assignments, quizzes, and examinations. The instructor is interested in your
success.
How to get a good grade in SOC 1010.
Grades are given on a basis of points accumulated from unit assignments, unit
quizzes, and examinations. Grades are not calculated on the curve. If you achieve
“A” work (90% or better) you will get an “A.” Likewise, if you achieve “D” work
(60% to 69%) you will get a “D.” I would like to give “A” grades.
Cell phone and electronic devices
Cell phone use in class is considered rude and inappropriate. Students who persist
in texting or using “aps” on cell phones or other electronic devices, other than for
note taking, will be asked to leave. Turn it off and put it away.
Academic honesty
Utah State University Eastern follows a policy of academic honesty. This means
that students are responsible for their own work, both in class and homework. If
you do a written assignment and use web or library references, you need to “cite”
and “reference” the sources. Students who violate this college policy are subject
to the policy consequences.
Make-ups
Make-ups are not automatically given. They are a privilege and not a right. A
make-up will only be considered in cases of extreme unforeseen events. In the
case of a serious problem, it is your responsibility to contact me before the
exam/quiz is given.
On-time assignment
As a general policy, I do not accept lat papers. All assignments are due at the
start of class on the assigned date, without exception. Plan ahead and get
started early on assignments and study early for quizzes.
Study groups
Research has shown that students do better in class when they work with other
students in study groups. Study groups allow students to expand their study
resources, build in self-testing, and reinforce study habits. You are encouraged to
form and participate in a study group for this class.
ADA Accommodation
Any student with a documented disability condition (e.g., physical, learning,
psychiatric, vision, hearing, etc.) who needs to arrange reasonable accommodations
must contact the instructor and Disability Resource Services at the beginning of
the semester.
Grading:
Points for grades come from examinations. Points also come from unit written
assignments. Point distribution is listed below:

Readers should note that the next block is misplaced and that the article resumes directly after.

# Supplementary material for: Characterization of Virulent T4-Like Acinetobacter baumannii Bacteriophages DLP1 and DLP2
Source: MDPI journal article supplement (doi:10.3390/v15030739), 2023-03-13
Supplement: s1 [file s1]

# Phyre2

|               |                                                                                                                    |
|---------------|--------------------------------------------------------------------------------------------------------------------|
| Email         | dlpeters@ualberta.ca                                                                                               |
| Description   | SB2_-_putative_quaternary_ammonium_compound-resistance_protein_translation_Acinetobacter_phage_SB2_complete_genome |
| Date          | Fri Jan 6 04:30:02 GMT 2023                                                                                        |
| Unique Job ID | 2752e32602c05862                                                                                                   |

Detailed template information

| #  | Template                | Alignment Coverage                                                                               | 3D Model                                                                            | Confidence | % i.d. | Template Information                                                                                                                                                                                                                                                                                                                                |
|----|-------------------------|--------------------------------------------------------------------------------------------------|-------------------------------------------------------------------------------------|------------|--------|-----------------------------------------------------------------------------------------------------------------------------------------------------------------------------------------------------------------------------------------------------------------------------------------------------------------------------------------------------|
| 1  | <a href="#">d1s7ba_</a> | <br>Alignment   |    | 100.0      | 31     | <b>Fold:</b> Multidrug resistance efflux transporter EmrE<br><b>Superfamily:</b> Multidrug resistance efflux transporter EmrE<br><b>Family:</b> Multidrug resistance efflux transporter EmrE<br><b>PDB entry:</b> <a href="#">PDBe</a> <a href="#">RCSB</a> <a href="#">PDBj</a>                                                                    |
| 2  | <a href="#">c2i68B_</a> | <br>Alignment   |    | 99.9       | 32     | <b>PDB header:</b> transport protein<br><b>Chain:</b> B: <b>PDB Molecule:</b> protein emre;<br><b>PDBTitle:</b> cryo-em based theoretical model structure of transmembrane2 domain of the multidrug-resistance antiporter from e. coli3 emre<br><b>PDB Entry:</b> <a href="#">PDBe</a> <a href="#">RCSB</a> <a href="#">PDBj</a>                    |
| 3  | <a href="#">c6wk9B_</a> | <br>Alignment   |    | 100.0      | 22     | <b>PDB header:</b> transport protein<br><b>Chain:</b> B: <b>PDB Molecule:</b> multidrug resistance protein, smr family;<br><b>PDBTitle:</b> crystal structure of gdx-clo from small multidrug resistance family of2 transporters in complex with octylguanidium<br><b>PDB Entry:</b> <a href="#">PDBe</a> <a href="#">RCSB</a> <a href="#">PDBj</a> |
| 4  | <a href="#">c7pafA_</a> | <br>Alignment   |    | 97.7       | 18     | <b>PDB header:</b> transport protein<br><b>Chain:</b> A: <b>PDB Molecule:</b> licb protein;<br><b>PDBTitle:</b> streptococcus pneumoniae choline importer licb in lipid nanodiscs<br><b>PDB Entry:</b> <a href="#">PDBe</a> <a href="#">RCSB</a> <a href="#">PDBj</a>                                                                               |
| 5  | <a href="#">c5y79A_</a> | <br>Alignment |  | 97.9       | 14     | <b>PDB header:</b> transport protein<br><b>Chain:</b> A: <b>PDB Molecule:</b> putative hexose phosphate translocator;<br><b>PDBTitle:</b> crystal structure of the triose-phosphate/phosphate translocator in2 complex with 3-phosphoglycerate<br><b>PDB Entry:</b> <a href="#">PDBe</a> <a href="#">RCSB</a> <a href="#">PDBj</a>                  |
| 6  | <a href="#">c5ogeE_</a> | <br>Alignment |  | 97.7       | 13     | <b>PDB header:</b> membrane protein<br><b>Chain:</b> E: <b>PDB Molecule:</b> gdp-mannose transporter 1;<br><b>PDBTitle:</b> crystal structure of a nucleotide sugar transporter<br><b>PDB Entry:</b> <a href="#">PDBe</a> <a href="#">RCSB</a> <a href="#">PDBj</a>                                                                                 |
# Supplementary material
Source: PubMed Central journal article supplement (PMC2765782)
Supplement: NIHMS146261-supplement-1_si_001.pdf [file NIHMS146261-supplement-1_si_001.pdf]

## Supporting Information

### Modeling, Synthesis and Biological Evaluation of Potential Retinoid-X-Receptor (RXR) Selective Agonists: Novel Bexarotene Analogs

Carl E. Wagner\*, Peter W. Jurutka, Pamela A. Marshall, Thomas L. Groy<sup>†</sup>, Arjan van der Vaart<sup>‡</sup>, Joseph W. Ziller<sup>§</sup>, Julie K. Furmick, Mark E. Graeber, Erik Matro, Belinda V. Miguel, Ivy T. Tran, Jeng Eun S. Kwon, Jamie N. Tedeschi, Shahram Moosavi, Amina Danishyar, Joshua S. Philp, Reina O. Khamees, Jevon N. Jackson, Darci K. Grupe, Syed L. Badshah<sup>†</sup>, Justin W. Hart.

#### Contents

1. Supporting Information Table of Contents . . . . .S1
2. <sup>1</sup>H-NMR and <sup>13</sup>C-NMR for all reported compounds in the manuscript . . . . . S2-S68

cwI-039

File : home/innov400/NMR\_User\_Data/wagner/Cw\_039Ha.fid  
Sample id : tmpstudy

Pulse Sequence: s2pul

Examinations
Two Mid-terms and Final
Assignments (10 @ 20 points)
Total Points
300
200
500
COURSE SCHEDULE
Units
Assignment
1
Sociological Imagination (Chapter 1)
X
2
Methods of Science (Chapter 2)
X
3
Culture and Society (Chapter 3)
X
4
Social Structure (Chapter 5)
Mid-term Examination (Units 1, 2, 3, 4)
X
5
Socialization and Deviance (Chapters 4, 6)
X
6
Inequality (Chapters 10-11)
X
7
Race, Gender, and Age (chapters 12-13)
Mid-term Examination (Units 5, 6, 7)
X
8
Social Institutions (Chapters 7-9)
X
9
P O E T (Chapter 14)
X
10
Changing Society (Chapter 15)
Final Examination (Units 8, 9, 10)
Tuesday, May 3, 1:30-3:20 p.m.
X
Holidays and Important Dates
January 11
classes begin
January 18
Martin Luther King, Jr. Holiday
February 15
Presidents Day Holiday
February 16
Monday class schedule
March 7-11
Spring Break
April 29
classes end
April 29
Blanding Campus Commencement
May 2-6
Finals Week
Unit Terms for review
1
Chapters 1
sociology, sociological imagination, private troubles, public issues, science, natural
science, social science, theory, anomie, macro, micro, functionalist, interaction,
personal sociology, applied sociology, clinical sociology, globalization
2
Chapter 2
concept, scientific method, operational definition (operationalization), hypothesis,
variable, causal logic, independent variable, dependent variable, correlation, sample,
random sample, validity, reliability, control variable, research design, methods,
survey, questionnaire, experiment, secondary analysis, participant observation
3
Chapter 3
Culture, society, cultural universal, sociobiology, innovation, discovery, diffusion,